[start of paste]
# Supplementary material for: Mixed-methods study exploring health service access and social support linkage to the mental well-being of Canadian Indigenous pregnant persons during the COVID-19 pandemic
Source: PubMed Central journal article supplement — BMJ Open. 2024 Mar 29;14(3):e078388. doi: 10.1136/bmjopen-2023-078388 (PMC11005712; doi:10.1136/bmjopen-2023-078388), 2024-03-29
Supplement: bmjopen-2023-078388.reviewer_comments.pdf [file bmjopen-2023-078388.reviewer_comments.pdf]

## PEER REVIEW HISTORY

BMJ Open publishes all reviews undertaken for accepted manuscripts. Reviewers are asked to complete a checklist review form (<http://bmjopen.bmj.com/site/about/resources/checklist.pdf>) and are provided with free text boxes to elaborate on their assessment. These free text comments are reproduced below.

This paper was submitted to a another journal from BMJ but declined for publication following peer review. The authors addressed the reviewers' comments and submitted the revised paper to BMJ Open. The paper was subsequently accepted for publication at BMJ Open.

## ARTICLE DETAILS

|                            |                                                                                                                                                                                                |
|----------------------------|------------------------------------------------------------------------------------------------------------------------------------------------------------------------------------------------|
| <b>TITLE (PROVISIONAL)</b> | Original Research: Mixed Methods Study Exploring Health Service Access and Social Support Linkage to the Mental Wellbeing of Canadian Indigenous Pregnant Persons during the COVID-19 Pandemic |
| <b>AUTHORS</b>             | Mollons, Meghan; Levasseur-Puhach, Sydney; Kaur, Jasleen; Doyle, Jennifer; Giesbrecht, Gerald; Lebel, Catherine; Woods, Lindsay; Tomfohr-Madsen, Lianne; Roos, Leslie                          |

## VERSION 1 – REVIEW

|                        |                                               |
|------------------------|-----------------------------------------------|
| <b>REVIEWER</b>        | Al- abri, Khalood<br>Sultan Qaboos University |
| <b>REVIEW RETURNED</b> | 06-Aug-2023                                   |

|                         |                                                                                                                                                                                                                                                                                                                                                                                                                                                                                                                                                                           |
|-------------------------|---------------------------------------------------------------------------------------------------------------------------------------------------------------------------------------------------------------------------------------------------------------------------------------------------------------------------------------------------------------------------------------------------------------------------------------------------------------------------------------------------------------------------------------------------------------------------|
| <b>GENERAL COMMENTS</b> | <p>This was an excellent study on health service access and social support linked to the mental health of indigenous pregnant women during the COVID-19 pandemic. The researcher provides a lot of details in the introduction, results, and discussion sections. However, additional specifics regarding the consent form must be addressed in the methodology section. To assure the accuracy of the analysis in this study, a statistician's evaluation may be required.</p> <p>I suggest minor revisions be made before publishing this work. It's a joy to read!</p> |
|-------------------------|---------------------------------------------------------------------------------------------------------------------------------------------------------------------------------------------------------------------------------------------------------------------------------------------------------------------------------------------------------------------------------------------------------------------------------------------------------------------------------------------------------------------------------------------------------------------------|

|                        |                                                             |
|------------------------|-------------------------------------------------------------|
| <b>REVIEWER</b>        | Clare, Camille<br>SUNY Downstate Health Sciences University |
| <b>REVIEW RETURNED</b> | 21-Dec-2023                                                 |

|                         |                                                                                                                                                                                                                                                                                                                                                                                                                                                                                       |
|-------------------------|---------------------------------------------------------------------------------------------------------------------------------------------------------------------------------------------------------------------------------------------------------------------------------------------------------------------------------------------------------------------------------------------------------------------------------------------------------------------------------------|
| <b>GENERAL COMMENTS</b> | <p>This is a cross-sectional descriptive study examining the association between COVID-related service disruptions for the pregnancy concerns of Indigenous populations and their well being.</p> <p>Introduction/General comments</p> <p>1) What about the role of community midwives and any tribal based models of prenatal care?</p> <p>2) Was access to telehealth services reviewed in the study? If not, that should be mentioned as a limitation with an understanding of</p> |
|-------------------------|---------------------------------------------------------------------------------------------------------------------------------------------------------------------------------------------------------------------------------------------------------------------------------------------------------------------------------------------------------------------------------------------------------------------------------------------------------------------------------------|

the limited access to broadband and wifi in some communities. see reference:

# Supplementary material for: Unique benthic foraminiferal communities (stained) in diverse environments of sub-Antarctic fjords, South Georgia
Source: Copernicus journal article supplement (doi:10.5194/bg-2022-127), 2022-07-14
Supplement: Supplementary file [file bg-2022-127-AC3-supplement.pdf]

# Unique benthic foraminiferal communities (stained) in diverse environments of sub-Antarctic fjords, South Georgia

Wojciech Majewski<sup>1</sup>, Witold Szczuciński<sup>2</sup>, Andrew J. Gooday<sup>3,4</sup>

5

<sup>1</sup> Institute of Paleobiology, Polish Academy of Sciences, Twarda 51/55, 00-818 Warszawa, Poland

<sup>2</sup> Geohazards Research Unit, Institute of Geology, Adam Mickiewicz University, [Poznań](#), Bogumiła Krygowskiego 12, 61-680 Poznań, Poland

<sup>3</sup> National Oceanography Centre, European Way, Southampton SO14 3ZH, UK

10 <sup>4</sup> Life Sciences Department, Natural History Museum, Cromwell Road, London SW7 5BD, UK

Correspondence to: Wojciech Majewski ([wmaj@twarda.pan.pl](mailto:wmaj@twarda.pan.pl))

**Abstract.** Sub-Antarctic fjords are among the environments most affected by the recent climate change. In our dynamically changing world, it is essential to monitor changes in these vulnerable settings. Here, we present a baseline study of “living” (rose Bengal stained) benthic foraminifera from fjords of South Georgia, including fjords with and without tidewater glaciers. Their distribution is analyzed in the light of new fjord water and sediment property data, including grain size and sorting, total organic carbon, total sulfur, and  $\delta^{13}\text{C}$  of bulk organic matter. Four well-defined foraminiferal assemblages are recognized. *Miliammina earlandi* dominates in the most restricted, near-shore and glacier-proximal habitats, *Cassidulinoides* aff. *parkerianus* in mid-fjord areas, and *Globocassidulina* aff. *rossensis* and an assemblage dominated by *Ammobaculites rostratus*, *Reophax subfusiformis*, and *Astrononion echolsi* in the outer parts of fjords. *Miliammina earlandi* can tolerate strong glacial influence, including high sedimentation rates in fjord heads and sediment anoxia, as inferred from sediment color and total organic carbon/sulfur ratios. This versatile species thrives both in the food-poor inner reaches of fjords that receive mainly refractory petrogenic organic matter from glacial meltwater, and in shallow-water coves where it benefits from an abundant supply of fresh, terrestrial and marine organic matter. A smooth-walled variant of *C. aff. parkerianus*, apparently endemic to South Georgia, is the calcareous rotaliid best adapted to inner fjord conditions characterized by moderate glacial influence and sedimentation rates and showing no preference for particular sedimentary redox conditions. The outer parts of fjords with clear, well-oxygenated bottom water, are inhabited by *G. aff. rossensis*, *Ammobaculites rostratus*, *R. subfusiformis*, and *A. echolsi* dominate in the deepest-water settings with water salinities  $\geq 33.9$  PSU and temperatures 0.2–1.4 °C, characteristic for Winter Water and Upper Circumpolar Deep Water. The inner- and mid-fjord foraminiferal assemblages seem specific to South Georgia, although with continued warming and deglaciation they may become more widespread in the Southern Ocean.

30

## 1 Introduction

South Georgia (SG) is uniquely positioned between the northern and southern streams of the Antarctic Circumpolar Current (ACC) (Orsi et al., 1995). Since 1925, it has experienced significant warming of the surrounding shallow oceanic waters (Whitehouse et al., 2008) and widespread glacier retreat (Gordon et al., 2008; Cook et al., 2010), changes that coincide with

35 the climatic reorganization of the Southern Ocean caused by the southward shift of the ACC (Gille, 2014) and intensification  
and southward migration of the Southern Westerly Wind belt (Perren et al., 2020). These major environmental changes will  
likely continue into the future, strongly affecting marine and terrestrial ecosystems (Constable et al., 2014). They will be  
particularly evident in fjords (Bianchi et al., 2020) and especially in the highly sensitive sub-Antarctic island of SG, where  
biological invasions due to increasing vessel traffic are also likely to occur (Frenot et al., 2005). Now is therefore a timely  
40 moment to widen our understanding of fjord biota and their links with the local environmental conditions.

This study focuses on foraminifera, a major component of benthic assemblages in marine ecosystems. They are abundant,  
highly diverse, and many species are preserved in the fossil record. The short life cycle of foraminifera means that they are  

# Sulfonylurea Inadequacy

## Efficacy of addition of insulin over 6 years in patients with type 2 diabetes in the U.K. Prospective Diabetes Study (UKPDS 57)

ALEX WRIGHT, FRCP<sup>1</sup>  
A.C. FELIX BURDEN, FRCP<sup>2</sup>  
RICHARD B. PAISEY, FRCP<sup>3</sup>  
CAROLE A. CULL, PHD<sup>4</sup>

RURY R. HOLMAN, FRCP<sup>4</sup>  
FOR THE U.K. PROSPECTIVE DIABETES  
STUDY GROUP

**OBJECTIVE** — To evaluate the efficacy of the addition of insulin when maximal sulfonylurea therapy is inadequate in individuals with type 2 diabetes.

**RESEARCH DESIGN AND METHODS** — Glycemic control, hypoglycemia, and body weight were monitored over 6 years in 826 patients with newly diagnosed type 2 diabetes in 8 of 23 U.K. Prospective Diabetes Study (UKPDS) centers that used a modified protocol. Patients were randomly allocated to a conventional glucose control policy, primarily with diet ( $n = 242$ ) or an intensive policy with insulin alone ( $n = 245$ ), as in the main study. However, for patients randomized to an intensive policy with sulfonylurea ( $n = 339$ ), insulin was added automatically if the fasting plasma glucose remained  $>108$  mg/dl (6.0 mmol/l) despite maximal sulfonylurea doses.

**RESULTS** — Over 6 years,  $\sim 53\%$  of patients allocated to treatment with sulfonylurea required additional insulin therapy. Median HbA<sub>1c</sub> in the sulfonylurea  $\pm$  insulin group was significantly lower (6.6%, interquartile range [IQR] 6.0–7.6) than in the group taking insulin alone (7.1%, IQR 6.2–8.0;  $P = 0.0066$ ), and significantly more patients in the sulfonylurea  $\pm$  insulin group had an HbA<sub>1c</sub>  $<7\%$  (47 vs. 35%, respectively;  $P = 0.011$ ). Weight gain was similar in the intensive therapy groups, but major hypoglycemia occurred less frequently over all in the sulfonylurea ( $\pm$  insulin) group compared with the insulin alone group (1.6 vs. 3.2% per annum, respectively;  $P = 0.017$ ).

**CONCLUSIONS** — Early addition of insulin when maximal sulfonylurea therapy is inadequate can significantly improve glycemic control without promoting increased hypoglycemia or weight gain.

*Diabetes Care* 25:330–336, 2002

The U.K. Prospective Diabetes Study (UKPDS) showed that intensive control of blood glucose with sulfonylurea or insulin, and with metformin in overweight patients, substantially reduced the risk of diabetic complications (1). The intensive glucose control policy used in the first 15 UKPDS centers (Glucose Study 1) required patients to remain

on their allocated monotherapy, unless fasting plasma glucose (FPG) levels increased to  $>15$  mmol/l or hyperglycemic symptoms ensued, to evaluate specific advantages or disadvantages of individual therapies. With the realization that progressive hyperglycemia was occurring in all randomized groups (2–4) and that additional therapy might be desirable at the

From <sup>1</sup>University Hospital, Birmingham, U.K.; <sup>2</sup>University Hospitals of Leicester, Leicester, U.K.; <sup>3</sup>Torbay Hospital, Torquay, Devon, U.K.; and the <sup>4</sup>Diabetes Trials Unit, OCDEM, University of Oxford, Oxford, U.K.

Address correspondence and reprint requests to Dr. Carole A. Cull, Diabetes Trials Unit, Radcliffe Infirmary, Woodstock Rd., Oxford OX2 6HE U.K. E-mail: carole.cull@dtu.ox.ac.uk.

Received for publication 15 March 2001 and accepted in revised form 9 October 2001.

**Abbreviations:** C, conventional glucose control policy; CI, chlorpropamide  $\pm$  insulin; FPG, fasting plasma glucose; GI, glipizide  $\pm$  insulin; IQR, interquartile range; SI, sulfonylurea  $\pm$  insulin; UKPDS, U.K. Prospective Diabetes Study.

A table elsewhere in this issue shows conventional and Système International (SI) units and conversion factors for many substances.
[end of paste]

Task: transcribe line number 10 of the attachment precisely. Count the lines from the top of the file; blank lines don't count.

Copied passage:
| <b>TITLE (PROVISIONAL)</b> | Original Research: Mixed Methods Study Exploring Health Service Access and Social Support Linkage to the Mental Wellbeing of Canadian Indigenous Pregnant Persons during the COVID-19 Pandemic |